In early 2008 the largest hepatitis C outbreak in U.S. history resulted from nurse anesthetists reusing syringes and medication vials at an outpatient endoscopy clinic, as Carol Potera reports in the April issue of AJN. Five of the nurses relinquished their licenses a year ago when the investigation began, as did two physicians, and the clinic was fined $500,000. Now, Nevada lawmakers are considering new legislation that might prevent another such crisis.
An excellent graphic in the Las Vegas Review-Journal illustrates just how the reuse of medication vials, even with the use of sterile syringes, could contribute to such an outbreak. But a year after the hepatitis C outbreak, a nagging question remains: how and why did five nurse anesthetists violate the basics of infection-control protocols? When they reused syringes and medication vials, were they following orders out of fear of losing their jobs? Or were they unfairly scapegoated in a system without sufficient safeguards?
In “Infection Control: Whose Job Is It?” Potera writes that the CDC “identified several unsafe nursing practices that likely contributed to the outbreak, including inadequate handwashing between patients, reusing syringes, and using single-use medication vials with multiple patients. Two nurses told the CDC investigators that clinic managers told them to reuse syringes.” Nine people were known to be infected, and there may be 100 more.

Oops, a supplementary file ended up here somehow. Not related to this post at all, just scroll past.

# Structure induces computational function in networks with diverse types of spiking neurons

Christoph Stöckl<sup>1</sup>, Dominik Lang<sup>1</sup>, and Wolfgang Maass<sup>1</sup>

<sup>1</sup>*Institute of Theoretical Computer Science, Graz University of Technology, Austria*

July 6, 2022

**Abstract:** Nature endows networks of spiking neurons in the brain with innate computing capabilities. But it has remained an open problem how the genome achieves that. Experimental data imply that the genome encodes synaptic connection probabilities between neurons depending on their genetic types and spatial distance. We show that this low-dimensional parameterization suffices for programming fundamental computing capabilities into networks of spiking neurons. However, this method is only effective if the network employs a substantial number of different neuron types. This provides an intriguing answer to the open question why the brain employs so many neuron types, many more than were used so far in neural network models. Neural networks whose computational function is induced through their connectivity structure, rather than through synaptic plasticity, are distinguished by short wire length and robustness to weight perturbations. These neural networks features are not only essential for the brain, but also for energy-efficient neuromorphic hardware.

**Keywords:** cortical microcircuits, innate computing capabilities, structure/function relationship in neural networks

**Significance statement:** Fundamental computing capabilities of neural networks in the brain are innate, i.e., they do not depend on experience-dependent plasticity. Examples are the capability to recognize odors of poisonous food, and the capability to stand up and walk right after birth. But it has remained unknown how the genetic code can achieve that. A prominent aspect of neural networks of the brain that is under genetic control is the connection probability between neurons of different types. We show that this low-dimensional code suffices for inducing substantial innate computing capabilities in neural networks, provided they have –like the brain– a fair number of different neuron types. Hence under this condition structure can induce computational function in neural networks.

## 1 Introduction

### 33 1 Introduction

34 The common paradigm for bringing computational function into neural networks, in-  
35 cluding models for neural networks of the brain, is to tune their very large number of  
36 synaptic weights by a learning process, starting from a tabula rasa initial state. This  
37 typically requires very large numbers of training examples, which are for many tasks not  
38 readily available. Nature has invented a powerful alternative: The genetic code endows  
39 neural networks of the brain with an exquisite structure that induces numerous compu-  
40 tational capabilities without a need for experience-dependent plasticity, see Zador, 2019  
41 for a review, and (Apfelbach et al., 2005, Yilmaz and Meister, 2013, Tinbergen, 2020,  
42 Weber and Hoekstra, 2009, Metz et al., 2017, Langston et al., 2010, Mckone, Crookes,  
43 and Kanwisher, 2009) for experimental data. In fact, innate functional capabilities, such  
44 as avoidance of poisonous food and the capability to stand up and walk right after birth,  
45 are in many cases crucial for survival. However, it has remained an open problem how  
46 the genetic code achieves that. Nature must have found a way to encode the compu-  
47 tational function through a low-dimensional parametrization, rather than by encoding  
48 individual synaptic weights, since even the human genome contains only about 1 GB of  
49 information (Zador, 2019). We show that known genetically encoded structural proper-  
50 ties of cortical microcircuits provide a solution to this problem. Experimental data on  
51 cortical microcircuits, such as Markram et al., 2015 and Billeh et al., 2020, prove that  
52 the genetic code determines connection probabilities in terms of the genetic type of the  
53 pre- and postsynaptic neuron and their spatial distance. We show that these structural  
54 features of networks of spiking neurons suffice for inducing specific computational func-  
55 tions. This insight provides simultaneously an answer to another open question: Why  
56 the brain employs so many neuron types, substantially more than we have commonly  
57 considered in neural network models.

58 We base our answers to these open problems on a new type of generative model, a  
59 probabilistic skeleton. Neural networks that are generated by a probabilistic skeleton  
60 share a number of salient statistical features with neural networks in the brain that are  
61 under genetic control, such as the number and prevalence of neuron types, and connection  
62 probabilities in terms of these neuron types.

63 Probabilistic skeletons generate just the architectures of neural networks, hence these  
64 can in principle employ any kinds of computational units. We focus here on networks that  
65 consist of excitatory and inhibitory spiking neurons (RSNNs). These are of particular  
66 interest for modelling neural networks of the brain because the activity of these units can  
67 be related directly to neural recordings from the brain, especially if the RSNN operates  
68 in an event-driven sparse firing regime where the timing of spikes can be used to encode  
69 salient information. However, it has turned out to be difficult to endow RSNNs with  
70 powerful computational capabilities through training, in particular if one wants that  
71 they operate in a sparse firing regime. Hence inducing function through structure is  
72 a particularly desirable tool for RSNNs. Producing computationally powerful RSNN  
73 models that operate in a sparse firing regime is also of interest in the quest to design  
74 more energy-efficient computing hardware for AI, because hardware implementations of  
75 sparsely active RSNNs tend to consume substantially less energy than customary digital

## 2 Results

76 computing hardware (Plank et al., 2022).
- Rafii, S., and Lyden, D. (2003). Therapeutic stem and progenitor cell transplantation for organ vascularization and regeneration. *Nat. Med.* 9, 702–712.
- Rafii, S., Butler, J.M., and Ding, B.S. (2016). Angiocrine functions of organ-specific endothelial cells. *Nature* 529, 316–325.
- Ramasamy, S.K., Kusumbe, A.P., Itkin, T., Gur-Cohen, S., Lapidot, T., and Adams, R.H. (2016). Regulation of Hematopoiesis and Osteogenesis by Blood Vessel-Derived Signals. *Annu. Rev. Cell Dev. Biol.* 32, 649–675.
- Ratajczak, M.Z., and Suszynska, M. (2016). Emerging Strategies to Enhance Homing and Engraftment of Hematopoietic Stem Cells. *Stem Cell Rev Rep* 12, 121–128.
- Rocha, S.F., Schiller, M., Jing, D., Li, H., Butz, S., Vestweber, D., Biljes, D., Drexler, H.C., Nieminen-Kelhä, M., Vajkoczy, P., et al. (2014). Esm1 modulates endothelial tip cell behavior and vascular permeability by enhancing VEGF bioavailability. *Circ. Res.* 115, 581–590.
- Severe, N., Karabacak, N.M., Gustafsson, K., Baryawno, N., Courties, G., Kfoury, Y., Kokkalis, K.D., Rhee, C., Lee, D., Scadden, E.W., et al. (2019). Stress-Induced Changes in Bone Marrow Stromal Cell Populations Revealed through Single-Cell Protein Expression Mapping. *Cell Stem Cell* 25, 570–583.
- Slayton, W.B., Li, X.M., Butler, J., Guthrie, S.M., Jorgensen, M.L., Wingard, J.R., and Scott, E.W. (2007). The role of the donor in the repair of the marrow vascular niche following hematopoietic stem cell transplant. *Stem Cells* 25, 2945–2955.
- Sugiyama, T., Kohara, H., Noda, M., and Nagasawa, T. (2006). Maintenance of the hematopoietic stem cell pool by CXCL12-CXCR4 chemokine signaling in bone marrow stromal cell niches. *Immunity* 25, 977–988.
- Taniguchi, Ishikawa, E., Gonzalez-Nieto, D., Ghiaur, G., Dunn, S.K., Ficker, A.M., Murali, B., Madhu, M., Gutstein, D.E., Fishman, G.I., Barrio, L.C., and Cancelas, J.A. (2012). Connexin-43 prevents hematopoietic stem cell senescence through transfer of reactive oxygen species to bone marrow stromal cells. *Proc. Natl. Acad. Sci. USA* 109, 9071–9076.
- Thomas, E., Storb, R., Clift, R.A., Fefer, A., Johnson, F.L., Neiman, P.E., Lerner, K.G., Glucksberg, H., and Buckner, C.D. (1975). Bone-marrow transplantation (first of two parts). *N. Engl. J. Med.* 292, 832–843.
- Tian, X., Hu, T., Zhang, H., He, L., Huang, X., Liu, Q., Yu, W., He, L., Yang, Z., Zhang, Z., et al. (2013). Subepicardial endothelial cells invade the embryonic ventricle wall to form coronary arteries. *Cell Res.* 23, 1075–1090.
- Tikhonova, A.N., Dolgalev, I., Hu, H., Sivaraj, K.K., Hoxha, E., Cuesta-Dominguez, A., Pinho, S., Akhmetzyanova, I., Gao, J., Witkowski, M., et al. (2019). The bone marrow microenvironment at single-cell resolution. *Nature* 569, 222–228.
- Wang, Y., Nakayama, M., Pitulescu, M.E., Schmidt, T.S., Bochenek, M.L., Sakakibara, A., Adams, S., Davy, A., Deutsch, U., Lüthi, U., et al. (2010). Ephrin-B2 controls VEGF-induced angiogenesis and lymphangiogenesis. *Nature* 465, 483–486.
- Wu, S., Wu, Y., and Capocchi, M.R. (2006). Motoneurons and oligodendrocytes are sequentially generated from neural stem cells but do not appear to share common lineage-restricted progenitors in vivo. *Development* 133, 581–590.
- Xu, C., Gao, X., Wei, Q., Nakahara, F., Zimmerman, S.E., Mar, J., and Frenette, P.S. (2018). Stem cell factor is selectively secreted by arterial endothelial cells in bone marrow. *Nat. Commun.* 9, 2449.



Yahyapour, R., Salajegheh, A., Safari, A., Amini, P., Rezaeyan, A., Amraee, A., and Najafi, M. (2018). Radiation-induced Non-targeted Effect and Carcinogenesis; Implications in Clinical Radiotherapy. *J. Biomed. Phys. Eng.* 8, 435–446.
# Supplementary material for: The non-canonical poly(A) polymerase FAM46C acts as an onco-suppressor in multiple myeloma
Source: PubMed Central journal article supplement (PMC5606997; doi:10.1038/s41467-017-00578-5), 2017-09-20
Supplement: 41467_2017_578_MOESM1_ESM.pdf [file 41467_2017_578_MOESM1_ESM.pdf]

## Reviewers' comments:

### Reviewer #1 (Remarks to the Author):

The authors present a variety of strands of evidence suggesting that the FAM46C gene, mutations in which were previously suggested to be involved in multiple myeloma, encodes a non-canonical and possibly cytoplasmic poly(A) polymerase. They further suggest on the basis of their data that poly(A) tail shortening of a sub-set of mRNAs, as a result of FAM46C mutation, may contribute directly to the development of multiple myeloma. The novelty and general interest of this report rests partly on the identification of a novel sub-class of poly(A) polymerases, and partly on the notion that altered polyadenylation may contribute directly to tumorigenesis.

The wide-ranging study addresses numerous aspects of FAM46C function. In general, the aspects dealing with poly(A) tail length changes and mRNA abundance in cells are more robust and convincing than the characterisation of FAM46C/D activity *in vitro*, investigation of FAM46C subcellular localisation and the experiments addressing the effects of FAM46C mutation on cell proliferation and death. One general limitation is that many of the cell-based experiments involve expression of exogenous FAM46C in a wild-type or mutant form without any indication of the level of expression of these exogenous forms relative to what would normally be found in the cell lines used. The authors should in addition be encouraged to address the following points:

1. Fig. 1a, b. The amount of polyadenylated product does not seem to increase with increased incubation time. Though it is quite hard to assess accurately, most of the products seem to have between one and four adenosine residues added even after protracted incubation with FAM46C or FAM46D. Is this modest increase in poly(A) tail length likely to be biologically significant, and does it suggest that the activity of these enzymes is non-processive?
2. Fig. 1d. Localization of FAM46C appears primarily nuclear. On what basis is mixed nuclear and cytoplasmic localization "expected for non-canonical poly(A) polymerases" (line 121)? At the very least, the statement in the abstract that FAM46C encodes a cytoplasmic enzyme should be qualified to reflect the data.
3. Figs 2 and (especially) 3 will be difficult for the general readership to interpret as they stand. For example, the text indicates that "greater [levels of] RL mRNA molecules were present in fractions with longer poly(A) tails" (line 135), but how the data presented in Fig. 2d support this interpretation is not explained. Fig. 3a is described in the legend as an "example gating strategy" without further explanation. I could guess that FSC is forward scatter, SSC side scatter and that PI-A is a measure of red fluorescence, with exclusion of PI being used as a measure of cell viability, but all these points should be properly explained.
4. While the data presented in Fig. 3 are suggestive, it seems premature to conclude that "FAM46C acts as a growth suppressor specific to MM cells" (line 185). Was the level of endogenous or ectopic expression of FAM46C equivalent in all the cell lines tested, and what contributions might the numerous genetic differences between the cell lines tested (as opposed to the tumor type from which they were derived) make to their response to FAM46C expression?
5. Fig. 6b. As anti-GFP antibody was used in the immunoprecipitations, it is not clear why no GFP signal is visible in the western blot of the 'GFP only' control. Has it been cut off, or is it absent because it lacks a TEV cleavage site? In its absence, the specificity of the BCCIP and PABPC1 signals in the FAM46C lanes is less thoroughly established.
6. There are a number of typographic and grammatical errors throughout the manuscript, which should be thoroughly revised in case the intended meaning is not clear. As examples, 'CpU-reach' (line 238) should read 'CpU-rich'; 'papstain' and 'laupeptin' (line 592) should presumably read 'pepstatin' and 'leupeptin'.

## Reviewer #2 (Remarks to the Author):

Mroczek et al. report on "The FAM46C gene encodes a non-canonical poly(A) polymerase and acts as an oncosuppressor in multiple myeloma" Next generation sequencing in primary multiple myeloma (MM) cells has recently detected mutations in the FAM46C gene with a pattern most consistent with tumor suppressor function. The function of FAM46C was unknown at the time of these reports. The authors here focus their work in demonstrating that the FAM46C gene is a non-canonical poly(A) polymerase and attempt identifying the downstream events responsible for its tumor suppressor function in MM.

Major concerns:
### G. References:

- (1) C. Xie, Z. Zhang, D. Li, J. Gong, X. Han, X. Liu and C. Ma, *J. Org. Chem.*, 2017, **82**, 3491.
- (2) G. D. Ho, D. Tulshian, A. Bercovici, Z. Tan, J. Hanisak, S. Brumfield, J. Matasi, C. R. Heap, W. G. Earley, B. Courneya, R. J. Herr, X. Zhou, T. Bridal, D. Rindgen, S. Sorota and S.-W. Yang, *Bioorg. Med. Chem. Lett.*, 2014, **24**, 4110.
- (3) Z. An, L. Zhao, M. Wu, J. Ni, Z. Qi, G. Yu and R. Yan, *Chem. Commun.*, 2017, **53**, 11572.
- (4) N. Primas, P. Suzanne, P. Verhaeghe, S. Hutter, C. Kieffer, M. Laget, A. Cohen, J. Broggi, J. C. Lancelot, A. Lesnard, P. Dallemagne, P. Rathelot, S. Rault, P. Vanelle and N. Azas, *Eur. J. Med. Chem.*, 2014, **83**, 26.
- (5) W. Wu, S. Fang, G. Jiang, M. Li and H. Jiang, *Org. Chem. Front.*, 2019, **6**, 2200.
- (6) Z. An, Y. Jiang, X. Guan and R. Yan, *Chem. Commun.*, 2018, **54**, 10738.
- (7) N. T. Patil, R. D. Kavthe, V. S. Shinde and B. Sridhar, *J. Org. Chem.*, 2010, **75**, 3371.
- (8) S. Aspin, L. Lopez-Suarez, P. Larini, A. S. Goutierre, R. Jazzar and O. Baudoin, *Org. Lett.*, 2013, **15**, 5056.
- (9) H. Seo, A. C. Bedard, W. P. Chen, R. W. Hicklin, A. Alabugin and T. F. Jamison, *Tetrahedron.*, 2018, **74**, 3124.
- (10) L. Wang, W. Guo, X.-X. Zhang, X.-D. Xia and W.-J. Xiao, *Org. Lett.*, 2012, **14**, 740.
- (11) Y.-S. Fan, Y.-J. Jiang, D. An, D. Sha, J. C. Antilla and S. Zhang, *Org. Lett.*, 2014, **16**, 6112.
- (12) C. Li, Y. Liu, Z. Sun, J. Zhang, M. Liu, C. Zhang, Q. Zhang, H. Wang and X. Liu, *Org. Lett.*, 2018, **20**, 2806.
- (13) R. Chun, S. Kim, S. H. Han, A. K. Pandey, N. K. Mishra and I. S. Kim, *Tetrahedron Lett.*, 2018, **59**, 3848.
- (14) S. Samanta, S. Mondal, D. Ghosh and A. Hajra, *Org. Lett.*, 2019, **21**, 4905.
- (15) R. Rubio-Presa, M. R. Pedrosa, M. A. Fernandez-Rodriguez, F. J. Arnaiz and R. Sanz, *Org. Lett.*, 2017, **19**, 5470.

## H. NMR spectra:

After the first anniversary of what one editorial writer called “one of the lowest points in the history of health care in Southern Nevada,” AJN asks nurses: why did this happen?
—Joy Jacobson, managing editor, AJN
Want More on the Outbreak?
Extensive coverage of the Nevada hepatitis outbreak and the subsequent investigations and legal proceedings, both criminal and civil, have been provided by the Las Vegas Sun (archives are here) and the Las Vegas Review-Journal (archives are here and here). The CDC’s report on the outbreak is here.